Podcast: Compliance in the legal sector

Compliance and data protection is second nature to legal sector organisations but threats and opportunities exist to secure printing processes and build evidence with big data

Legal and regulatory compliance is a pressing concern in all sectors, but for legal firms the necessity for security and integrity of information runs across all aspects of their operations.

In addition to the fundamentals of data protection legislation, e-discovery requirements, etc, that affect all businesses, a legal firm has at its core the need for client confidentiality and protection of evidence.

But for legal businesses there are many threats to security and confidentiality, such as the use of printing in paper-based processes, as well as opportunities such as those presented by the potential use of big data analytics to build evidence.

In this podcast, Computer Weekly storage editor Antony Adshead talks with Vigitrust CEO Mathieu Gorge about the basics of compliance in the legal sector as well as feedback from the recent LegalTech event in New York on discussions about e-discovery, the challenge of unstructured data and the National Security Agency (NSA) scandal.


Antony Adshead: What are the compliance requirements of the legal industry?

Mathieu Gorge: Firstly, we need to take a look at the concept of CIA – the confidentiality, integrity and availability of data for the legal industry and its clients – but potentially also the other party [to legal proceedings].

So, lawyers will typically host information that pertains to their clients to the matter that they’re defending or suing for and also internal information about how they came to advise a client to follow a particular route in terms of the case they’re looking after. So, in other words, the decision process that was taken internally.

It’s also important to understand the difference between confidential information, some of which must by law be disclosed to both parties, ie the claimant and the defendant, versus privileged information that is shared between the client and their lawyer.

We also need to look at the international aspect of cases. For instance, some cases, especially with regard to e-discovery, may require accessing information from several jurisdictions – the EU, the US, Asia, maybe other parts of the world.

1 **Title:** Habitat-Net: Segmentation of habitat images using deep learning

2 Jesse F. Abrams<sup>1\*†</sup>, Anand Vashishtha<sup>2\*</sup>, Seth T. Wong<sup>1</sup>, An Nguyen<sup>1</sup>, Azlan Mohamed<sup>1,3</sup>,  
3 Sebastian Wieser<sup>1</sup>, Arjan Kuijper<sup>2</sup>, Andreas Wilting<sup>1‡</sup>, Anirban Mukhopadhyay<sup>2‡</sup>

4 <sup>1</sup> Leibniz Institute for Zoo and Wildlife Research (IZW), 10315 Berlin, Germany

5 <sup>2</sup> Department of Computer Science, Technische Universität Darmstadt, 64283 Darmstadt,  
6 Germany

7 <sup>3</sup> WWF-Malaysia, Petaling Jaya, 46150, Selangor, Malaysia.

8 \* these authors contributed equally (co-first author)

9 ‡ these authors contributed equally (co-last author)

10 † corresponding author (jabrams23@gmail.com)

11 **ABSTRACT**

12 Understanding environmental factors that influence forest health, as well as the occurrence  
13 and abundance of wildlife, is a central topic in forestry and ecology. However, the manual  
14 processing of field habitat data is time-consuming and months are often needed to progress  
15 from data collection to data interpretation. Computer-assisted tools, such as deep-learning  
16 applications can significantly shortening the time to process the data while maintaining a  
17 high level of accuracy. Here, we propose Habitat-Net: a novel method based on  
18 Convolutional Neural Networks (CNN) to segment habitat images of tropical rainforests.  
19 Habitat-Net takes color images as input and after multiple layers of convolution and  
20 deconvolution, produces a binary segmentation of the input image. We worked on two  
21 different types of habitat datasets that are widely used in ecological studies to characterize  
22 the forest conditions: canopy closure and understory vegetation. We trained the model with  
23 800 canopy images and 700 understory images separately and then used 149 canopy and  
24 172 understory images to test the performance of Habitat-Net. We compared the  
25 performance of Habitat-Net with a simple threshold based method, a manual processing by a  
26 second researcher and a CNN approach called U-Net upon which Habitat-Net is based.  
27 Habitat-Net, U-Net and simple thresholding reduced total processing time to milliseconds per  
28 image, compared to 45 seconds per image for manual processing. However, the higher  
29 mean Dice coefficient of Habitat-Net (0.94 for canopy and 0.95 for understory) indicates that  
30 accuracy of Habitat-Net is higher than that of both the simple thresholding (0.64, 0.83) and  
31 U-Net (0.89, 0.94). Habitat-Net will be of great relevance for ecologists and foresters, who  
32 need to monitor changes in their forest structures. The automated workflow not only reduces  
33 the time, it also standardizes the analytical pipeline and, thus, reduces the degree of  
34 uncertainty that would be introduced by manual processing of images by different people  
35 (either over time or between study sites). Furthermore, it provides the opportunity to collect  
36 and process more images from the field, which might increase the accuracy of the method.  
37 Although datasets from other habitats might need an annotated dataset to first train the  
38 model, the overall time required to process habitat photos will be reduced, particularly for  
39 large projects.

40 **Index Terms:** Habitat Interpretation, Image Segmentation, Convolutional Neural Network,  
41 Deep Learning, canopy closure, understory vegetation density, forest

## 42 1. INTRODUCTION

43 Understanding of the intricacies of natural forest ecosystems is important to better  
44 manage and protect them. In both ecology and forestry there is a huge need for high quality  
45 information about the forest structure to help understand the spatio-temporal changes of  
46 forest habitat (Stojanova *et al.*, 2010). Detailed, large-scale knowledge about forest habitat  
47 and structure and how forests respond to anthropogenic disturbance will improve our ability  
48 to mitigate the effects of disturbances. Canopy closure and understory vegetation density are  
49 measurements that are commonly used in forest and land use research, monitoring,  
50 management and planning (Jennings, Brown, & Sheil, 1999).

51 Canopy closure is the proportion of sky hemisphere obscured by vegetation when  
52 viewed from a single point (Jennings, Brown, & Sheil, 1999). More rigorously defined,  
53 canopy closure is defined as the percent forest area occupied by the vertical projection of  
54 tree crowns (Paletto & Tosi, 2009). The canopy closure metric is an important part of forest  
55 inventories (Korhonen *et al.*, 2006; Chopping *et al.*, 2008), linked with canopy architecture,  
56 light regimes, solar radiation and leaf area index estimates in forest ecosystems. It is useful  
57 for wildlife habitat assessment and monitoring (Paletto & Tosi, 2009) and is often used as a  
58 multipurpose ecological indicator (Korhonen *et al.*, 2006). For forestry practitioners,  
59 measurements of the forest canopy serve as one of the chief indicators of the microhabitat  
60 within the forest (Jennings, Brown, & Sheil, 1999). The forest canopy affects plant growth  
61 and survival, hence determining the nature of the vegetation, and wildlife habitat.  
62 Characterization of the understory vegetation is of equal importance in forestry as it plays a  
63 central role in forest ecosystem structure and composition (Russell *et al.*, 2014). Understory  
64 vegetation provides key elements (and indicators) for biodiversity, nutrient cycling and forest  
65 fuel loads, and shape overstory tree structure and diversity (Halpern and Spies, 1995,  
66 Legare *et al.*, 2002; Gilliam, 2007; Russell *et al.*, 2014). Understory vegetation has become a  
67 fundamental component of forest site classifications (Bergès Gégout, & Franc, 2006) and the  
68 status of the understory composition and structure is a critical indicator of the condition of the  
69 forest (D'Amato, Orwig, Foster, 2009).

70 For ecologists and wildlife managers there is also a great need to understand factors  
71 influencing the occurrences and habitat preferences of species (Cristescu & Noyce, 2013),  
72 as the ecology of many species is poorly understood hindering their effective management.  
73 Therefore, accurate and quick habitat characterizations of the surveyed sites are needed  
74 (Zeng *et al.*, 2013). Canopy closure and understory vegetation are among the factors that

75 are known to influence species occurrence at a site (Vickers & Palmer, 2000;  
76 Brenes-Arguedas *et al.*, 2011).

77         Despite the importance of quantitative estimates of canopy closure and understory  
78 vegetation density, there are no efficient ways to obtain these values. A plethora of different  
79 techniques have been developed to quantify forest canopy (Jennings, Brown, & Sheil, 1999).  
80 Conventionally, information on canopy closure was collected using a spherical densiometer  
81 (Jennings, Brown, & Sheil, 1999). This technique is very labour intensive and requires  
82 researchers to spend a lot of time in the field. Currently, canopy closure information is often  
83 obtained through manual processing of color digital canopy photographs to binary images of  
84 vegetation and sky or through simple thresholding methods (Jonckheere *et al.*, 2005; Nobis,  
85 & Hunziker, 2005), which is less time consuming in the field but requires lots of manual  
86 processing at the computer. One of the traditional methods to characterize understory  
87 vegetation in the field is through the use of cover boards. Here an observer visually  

So, in that respect, from the compliance perspective you’re looking at EU data protection, US personally identifiable information (PII), Asian regulations and transfer of data from one are to the other.

It’s also important to have a look at the fact that a lot of the information is still on paper so there are some secure printing concerns and there is also a lot of unstructured data, data that is accumulated during cases. [It is important] to know where it is and how to access it and that it’s always secured, whether it’s on mobile devices, in filing cabinets or even in the cloud, which has its own challenges.

Adshead: You were at LegalTech in New York last week. What were the key issues with reference to compliance and storage and backup that were prominent there?

Gorge: LegalTech advertises itself as being the best event for the legal industry and for legal firms to improve their practice management. And by that they’re looking at different aspects such as dictating letters, billing systems for the amount of hours spent by [lawyers], e-discovery, storage of data, indexing of data and essentially anything that allows a legal firm to run, from a technology perspective.

So, this year at LegalTech the focus wasn’t so much on e-discovery as a technique but rather on e-discovery tools and predictive coding.

There was also a lot of focus on big data management for legal firms and the consensus was that lawyers end up with a lot of unstructured data that they need to make sense of and restructure to build a case.

So, in that respect, classification of data, as well as indexation of data and making sure the right people have access to the right data at the right time in a timely fashion, in order to end up in court at the right moment is really paramount.

There were also discussions around the impact of the NSA scandal last year with regards to the legality of accessing private data by government, how that data should be protected and what it meant for the legal industry.

The intersection between data privacy and e-discovery requests was actually very well discussed at LegalTech, so it’s very likely that over the next year there will be lots more discussions about technology, the cloud, as well as the impact of the new EU regulations on the cloud.

Secure storage and data classification is really key for the legal industry and should be one of the priorities in 2014.

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